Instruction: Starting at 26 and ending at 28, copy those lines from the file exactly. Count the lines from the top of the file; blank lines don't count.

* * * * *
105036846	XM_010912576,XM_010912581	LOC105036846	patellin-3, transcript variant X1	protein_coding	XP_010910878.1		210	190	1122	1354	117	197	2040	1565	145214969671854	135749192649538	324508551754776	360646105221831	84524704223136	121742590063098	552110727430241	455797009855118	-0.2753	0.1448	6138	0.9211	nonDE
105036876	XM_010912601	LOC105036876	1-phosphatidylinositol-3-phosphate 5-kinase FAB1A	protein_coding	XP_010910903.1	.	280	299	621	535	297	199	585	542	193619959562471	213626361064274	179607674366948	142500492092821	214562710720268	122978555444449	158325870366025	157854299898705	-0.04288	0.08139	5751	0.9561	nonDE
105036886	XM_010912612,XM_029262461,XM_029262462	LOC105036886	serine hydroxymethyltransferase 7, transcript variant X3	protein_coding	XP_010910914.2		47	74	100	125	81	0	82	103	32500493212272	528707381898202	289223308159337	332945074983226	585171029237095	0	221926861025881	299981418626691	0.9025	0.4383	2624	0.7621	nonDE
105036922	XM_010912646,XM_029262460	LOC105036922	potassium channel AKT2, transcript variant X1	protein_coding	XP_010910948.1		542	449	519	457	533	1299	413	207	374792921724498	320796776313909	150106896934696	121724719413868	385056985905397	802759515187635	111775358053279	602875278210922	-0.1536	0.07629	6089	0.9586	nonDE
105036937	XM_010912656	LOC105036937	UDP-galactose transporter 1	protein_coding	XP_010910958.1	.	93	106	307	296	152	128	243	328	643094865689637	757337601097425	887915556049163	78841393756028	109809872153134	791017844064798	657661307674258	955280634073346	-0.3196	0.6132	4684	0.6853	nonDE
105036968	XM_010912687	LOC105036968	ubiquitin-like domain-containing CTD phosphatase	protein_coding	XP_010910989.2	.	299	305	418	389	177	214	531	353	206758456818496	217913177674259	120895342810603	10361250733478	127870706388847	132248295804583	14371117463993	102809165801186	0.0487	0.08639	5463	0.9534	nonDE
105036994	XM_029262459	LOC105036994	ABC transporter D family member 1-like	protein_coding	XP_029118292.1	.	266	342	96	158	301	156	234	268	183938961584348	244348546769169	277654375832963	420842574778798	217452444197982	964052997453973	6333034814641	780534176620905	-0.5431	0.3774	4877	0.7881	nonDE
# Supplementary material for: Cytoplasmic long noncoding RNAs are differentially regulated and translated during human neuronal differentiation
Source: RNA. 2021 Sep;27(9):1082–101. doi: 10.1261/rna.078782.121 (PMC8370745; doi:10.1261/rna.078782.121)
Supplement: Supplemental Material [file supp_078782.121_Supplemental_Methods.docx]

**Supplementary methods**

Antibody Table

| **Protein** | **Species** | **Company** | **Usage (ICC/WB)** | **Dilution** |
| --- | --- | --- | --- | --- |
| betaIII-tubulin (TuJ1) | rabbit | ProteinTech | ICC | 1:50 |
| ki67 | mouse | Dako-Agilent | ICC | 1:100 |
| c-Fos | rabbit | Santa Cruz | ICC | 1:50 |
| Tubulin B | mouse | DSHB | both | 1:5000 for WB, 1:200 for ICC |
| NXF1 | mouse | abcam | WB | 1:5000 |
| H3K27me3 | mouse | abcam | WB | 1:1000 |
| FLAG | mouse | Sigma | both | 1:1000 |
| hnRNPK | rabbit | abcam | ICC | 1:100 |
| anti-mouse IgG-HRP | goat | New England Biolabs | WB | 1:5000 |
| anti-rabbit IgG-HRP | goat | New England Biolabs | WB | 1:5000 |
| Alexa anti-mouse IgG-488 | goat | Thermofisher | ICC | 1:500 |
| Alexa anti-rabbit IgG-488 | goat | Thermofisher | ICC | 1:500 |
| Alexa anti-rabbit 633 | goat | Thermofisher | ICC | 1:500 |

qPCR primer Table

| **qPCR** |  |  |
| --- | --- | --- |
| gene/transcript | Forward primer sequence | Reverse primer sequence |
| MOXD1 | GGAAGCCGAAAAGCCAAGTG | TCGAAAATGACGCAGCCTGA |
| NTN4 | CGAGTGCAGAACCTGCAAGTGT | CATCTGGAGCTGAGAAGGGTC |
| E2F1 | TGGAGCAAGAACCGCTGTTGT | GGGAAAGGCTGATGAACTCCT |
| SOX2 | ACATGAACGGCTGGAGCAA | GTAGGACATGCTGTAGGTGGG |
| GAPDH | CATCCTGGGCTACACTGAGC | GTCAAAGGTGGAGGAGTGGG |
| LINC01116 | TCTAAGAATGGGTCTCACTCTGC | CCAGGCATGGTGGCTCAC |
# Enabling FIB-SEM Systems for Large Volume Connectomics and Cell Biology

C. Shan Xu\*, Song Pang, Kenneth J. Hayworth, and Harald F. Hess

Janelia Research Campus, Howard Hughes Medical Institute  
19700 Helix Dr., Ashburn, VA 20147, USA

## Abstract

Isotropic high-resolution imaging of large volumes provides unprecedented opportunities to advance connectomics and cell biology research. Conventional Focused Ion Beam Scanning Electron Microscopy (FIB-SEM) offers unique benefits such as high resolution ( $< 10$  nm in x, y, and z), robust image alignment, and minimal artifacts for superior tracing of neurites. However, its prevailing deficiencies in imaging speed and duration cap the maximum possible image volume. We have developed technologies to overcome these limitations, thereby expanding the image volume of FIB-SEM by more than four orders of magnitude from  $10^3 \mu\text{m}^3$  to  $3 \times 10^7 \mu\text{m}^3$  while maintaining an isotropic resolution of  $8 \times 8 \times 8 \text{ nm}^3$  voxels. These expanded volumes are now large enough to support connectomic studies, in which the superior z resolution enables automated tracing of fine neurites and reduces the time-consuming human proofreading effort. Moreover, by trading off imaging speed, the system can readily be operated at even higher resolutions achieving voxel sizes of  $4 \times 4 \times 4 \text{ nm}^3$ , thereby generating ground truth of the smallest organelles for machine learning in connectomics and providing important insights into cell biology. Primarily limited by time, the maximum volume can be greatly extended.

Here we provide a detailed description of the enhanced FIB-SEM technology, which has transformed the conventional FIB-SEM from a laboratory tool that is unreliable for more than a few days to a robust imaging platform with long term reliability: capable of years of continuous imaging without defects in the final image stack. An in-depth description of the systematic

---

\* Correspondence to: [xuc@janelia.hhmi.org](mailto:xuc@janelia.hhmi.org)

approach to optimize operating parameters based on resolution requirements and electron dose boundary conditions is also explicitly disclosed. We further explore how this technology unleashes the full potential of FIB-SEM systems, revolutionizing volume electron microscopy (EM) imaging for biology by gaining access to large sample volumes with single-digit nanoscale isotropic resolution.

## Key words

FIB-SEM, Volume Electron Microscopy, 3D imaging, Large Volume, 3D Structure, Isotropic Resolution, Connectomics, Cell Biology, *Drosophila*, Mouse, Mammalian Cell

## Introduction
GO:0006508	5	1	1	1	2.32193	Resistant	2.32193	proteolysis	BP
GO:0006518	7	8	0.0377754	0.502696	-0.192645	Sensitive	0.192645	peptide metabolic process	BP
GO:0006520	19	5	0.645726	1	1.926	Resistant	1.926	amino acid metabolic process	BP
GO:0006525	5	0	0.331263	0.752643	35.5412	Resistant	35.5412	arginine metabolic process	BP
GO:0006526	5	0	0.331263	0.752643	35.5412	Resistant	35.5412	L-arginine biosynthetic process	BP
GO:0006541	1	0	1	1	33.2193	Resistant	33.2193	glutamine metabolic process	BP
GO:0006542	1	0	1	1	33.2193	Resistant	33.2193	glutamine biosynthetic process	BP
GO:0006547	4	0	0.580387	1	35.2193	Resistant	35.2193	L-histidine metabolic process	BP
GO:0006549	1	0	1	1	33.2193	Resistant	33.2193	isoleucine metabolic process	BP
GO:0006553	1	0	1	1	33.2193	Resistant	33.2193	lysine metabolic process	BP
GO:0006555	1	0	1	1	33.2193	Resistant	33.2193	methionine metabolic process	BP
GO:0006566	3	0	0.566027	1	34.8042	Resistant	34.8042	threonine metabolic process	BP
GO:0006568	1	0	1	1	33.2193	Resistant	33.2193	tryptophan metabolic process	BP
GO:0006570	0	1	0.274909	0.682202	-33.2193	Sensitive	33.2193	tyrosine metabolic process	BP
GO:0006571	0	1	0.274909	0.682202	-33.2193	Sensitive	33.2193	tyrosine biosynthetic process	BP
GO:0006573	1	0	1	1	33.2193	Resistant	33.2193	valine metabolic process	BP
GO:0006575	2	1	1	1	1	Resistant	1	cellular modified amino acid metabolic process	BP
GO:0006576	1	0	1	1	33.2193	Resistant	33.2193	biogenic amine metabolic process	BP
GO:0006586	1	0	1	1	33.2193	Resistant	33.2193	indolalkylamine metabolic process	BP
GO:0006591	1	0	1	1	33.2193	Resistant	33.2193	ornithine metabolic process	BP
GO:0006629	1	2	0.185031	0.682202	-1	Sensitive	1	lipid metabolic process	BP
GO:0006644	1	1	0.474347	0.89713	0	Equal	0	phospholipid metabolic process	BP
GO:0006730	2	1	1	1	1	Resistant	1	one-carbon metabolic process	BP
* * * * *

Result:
| Alexa anti-rabbit IgG-488 | goat | Thermofisher | ICC | 1:500 |
| Alexa anti-rabbit 633 | goat | Thermofisher | ICC | 1:500 |

qPCR primer Table